Annemarie, Code, thanks for joining me.
[ANNEMARIE & CODE]: Thanks for having us.
How did this all start, how did the charity Music Against Malaria come about?
[CODE]: Great question, so I started this a long time ago, maybe about 10 years ago. I was making random donations to Queen Elizabeth Central Hospital which is the biggest hospital in Malawi; it admits patients from all over the districts from Sanjay all the way to Chitipa. I discovered that the paediatric A&E department really needed a refurbishment. Because the government struggles with funding, I thought it would be wise to start a tour to raise the money to complement whatever the government efforts are to make the hospital great. As I was playing one of the venues in Blantyre I met Annemarie. After the show, she said: “I like your sound, I would like to work with you.” From there, we developed a friendship and now she is the co-director of Music Against Malaria
As part of that, you’re going to be travelling across Malawi?
[CODE]: Yeah pretty much, so we’ve earmarked about 10 districts across Malawi.
How much do you need to raise in order for the hospital to be restored?
[CODE]: Well, this is a little bit tricky because we have an estimated budget and we’re still working with like Queen Elizabeth Central Hospital on that front. The budget is about 30 million [Malawian Kwacha], about forty-one thousand US dollars. At the same time, we’re also looking at the long-term plan, which is about five years from now. Our dream is to be able to have a malaria clinic in every district a district in Malawi that is working.
What would those clinics provide?
[CODE]: Malaria treatment because the main hospital and the resuscitation room, for example, is in dire straits. The theatre, for example, is just a complete shambles. So the officials have a plan to refurbish a one-stop shop setup with a pharmacy and everything in that space.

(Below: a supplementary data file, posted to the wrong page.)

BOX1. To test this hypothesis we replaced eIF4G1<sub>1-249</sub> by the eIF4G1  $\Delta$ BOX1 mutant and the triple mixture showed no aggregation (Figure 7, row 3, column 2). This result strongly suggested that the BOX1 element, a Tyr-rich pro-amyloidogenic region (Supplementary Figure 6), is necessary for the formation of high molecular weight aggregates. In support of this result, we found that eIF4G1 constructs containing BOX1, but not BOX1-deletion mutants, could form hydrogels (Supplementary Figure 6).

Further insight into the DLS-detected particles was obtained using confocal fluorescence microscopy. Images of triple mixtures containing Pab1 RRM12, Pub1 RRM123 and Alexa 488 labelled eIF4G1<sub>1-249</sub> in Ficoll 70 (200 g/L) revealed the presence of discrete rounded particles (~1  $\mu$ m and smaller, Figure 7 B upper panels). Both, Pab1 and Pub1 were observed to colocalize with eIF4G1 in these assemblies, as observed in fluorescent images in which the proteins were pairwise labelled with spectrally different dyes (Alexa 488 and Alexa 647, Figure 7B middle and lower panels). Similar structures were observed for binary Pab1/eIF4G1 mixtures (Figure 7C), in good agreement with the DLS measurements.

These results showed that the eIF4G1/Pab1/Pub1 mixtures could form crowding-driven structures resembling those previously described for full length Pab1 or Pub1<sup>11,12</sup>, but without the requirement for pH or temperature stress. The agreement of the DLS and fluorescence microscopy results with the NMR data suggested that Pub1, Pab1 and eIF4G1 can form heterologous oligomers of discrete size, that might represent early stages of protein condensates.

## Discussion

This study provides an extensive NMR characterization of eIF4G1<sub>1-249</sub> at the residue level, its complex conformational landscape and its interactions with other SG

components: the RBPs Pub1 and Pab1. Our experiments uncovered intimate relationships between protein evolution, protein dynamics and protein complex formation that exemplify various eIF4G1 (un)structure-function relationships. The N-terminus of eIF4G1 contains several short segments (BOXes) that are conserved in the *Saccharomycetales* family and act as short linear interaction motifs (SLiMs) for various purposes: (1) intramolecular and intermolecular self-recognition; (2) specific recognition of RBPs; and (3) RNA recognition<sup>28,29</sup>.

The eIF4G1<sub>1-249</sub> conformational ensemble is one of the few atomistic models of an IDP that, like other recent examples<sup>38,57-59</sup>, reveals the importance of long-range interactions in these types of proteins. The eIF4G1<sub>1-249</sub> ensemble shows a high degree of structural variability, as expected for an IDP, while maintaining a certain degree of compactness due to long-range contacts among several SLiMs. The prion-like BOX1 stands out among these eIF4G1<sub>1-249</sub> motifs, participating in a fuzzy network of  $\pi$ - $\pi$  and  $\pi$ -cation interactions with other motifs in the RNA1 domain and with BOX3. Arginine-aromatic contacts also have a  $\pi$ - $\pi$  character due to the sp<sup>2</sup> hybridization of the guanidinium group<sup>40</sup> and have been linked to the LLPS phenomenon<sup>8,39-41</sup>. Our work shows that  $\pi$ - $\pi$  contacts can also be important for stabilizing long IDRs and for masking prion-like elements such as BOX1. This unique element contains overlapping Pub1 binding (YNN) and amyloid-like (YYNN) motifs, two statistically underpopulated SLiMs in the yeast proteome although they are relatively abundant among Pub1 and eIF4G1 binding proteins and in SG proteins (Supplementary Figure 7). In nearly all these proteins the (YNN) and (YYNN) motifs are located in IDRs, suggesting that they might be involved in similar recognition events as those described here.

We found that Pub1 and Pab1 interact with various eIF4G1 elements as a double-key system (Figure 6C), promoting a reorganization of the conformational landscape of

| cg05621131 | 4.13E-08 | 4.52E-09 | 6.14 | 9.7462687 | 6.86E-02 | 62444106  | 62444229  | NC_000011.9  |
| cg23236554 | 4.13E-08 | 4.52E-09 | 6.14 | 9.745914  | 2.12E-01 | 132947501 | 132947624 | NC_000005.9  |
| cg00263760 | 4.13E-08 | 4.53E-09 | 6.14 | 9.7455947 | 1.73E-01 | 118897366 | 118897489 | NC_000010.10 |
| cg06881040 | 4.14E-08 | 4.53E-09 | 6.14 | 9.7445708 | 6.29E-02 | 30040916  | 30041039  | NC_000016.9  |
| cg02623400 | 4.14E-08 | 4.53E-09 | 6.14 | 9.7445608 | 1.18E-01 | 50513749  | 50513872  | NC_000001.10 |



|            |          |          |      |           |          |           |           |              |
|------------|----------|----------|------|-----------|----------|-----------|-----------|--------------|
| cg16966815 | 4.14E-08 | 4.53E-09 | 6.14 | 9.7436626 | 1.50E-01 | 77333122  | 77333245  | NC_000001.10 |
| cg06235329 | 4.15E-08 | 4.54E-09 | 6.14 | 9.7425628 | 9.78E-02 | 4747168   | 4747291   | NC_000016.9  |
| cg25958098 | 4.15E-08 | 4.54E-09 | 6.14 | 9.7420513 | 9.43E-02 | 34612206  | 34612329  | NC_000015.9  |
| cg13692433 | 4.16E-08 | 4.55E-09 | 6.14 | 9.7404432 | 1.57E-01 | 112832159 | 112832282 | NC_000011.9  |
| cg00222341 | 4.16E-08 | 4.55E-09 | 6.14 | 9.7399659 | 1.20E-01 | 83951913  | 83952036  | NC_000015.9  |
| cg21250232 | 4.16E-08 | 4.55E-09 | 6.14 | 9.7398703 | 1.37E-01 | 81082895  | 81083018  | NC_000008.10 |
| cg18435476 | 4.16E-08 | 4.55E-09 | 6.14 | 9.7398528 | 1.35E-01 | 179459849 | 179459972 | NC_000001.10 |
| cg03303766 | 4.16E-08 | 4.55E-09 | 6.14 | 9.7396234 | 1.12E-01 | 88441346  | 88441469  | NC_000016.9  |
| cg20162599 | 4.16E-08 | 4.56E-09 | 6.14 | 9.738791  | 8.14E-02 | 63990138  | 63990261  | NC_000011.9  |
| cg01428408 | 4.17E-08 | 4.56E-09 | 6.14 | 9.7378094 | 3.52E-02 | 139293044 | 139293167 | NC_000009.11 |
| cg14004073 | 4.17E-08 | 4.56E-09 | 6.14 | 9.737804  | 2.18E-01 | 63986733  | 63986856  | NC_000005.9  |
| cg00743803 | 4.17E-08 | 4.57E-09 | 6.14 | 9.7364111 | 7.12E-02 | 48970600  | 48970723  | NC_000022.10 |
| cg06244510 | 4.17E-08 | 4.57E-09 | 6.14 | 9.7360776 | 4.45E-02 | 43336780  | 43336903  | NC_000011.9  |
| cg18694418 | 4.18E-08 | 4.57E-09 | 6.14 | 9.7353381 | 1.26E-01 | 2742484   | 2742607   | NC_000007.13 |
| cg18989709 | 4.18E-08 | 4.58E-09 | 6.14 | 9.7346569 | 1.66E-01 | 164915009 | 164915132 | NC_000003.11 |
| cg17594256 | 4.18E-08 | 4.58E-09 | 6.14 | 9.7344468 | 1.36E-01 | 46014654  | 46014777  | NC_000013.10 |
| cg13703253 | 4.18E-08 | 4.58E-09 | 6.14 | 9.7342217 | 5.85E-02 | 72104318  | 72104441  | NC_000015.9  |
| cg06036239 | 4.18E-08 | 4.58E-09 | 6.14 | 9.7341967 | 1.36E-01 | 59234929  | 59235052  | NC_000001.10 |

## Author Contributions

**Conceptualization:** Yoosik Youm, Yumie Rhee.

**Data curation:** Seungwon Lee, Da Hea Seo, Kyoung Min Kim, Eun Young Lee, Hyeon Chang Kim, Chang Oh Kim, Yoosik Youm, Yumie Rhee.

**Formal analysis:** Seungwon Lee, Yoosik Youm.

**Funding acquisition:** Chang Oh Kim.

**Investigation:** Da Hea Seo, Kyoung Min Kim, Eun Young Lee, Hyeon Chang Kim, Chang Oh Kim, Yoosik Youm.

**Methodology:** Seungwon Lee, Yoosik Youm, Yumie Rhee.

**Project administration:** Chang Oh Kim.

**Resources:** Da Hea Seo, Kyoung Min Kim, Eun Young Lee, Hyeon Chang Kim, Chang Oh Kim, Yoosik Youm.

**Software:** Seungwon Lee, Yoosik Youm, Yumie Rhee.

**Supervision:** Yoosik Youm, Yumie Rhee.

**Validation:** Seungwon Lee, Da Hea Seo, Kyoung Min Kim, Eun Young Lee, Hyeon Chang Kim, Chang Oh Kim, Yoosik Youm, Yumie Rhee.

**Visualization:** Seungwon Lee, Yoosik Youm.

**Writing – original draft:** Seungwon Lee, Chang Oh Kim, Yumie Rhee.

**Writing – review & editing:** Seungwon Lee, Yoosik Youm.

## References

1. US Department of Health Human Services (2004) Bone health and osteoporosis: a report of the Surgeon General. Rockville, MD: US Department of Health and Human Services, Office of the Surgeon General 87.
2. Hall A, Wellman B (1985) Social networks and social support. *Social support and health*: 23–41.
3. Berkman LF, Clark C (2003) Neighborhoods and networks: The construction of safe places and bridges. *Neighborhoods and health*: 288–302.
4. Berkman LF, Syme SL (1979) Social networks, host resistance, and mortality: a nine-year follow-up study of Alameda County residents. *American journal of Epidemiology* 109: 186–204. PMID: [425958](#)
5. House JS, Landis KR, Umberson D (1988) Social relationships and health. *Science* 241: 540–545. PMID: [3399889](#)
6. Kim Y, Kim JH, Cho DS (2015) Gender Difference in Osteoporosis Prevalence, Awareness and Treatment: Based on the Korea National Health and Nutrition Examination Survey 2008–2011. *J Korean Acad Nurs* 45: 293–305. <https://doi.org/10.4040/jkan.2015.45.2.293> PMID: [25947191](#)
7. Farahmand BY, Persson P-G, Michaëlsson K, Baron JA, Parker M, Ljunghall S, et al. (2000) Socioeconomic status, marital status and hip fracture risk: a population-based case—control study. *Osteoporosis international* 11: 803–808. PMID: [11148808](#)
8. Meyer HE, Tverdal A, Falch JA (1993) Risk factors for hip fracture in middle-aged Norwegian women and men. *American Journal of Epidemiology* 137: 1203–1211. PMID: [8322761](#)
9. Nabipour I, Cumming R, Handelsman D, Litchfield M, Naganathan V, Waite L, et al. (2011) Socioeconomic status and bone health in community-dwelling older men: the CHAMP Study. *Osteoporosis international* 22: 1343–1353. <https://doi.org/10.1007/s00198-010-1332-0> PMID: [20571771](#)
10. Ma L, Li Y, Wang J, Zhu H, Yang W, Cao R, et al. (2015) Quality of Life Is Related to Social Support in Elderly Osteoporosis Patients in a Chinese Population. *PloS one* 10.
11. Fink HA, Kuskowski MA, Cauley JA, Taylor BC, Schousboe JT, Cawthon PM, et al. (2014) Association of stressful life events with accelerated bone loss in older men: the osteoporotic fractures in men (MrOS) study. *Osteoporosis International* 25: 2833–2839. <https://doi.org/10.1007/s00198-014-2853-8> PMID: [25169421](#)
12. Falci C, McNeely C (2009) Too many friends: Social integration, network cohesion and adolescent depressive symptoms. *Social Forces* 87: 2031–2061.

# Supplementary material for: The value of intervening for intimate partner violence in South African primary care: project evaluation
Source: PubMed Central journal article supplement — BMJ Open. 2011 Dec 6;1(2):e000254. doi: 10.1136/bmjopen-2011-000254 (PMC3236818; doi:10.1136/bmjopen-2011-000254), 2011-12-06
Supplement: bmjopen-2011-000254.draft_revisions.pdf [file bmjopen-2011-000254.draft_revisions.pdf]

[ANNEMARIE]: There reason Queens is so busy, is because people from the District don’t have what they need out there, so then all of the patients are then brought into Queens and there’s not enough space for them to be able to handle it. We also want to go back to the root of the problem and to go into the smaller district clinics and give them more resources there so to take the pressure off Queens. It’s a bit of a vicious circle, but you have to start somewhere and that’s what we’re doing at the moment. Again, raising awareness and getting people to know the name of Music Against Malaria, which I think is starting to stick – and that’s half the battle isn’t it when people know who you are.
The chances are that the people listening to this podcast won’t be out in Malawi, they’ll be in the UK or somewhere else in the world. How can those people get involved with your campaign?
[CODE]: We have a GoFundMe page, which we’re using and we also use social media so we’re on Twitter, we’re on Instagram, we’re on Facebook. We’d also really like to drive the GoFundMe page because that’s where they can actually make a donation.
[ANNEMARIE]: I think, as someone coming from the UK who visited Africa before but had never lived here, it all comes down to accountability and we want people to know as a small charity, social media is a great tool to be able to follow closely.
Is a Music Against Malaria album a possibility?
[CODE]: Oh absolutely, I think that next year we have a plan of starting a music festival and a theme song that we want to start off with, and push that across and we would also like to work with musicians.
[ANNEMARIE]: Yeah, I think that an album is a great idea.
Annemarie and Code, thank you.
[ANNEMARIE & CODE]: Thank you so much.